Although many of you will know the basics about capital gains tax groups for companies, one point may surprise you. I will start by recapping on the basic rules and then explain what ‘the twist’ is.
Basic rules of a capital gains group for corporation tax purposes
When assets move between members of a capital gains tax group, they transfer for tax purposes at ‘no gain, no loss’. This means that the acquisition cost in the recipient member is treated as being equivalent to the cost of the asset and any available indexation (which is only available up to December 2017). Should the recipient group member then leave the group within six years of the transfer while still holding the asset then there will be a ‘degrouping charge’ that will fall on the disposing member.
But what constitutes a capital gains tax group? The basic points here are as follows:
1. There needs to be at least 75% ownership between direct group members of ordinary share capital.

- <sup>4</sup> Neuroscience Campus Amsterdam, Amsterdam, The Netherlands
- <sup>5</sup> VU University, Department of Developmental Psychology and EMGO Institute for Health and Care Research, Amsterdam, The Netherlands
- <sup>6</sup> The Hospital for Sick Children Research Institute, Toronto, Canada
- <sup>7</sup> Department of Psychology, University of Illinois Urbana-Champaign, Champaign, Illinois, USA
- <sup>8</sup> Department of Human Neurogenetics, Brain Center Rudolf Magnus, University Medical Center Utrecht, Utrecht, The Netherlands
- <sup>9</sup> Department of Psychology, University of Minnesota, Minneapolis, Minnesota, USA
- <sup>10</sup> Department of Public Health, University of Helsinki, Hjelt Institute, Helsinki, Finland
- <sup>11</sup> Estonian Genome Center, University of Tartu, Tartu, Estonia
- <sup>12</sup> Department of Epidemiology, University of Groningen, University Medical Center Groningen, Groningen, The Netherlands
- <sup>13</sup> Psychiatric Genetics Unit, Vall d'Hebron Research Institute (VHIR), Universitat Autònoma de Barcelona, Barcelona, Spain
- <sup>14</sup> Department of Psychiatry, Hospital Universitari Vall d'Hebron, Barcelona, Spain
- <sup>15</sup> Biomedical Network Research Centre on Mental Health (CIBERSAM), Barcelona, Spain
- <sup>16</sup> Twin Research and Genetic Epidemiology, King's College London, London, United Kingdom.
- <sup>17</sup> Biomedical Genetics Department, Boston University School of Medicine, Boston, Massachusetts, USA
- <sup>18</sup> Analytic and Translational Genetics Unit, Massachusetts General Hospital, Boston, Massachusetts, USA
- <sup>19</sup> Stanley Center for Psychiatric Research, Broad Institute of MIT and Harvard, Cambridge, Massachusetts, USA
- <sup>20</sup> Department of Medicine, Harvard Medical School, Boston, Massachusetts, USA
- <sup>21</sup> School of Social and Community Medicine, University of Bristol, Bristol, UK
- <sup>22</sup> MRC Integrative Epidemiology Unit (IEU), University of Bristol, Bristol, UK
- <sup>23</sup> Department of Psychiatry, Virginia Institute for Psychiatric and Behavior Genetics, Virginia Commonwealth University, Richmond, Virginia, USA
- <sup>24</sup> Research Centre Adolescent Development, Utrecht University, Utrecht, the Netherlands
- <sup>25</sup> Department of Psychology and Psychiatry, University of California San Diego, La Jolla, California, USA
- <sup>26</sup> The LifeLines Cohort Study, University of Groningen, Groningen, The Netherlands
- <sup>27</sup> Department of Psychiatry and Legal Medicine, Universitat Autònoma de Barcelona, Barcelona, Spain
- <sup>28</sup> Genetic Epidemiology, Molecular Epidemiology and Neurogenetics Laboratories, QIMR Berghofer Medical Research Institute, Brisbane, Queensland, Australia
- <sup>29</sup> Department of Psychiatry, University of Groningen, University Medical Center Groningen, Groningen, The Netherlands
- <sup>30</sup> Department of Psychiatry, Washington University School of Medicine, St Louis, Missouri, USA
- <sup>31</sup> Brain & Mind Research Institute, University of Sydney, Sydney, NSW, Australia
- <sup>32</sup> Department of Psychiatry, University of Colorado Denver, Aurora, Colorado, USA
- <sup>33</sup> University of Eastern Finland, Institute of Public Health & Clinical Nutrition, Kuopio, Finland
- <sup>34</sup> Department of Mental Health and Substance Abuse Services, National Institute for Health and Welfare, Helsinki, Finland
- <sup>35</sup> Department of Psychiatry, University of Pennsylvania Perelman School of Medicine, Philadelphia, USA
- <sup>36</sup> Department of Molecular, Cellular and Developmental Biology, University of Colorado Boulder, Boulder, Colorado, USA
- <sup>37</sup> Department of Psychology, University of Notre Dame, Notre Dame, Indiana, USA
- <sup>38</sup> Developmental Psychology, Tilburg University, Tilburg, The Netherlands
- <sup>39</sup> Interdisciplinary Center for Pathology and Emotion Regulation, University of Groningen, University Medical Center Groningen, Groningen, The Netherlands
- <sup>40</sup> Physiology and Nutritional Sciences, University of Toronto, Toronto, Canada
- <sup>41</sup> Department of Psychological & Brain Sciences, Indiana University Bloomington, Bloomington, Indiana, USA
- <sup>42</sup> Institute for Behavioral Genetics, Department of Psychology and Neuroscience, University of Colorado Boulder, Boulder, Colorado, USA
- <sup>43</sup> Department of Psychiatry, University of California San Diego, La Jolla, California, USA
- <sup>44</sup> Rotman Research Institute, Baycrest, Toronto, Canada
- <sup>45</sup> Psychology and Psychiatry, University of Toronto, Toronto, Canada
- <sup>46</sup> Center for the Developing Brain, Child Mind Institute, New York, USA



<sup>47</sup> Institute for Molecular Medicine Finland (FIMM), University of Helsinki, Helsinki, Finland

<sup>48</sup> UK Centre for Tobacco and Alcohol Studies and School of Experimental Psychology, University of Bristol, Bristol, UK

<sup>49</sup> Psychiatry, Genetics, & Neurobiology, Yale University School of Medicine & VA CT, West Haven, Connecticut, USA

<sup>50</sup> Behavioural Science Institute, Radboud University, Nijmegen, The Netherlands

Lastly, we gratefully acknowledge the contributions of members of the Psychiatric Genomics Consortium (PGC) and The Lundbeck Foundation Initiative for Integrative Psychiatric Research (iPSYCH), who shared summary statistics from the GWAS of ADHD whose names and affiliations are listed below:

2. There also needs to be more than 50% beneficial ownership of profits and assets between direct members and indirect members.
Company A has 75% beneficial ownership of Company B which has 75% beneficial ownership of Company C which has 75% beneficial ownership of Company D. Therefore, B and C are in a group with A (A has 75% and 56.25% beneficial ownership respectively) but D is not (A only has 42.19% beneficial ownership).
What about if in the above example C transfers an asset to D? I suspect that many of you may say that the asset would transfer at nil gain, nil loss on the basis that D is a 75% subsidiary of C, but here lies ‘the twist’. A capital gains tax group is defined by reference to its principal company of which there can be only one. Therefore, a transfer from C to D would be treated as taking place at market value rather than benefitting from the ‘nil gain, nil loss’ rule.
Forbes Dawson view
Although groups will often have a 100% relationship (and so the above point will not apply) this ‘twist’ shows the importance of understanding the overall group structure before making judgements about whether a transaction will take place at ‘nil gain, nil loss’. It is not possible to make a conclusive judgement about the treatment of asset transfers between companies with less than a 100% ownership structure without having full group information.
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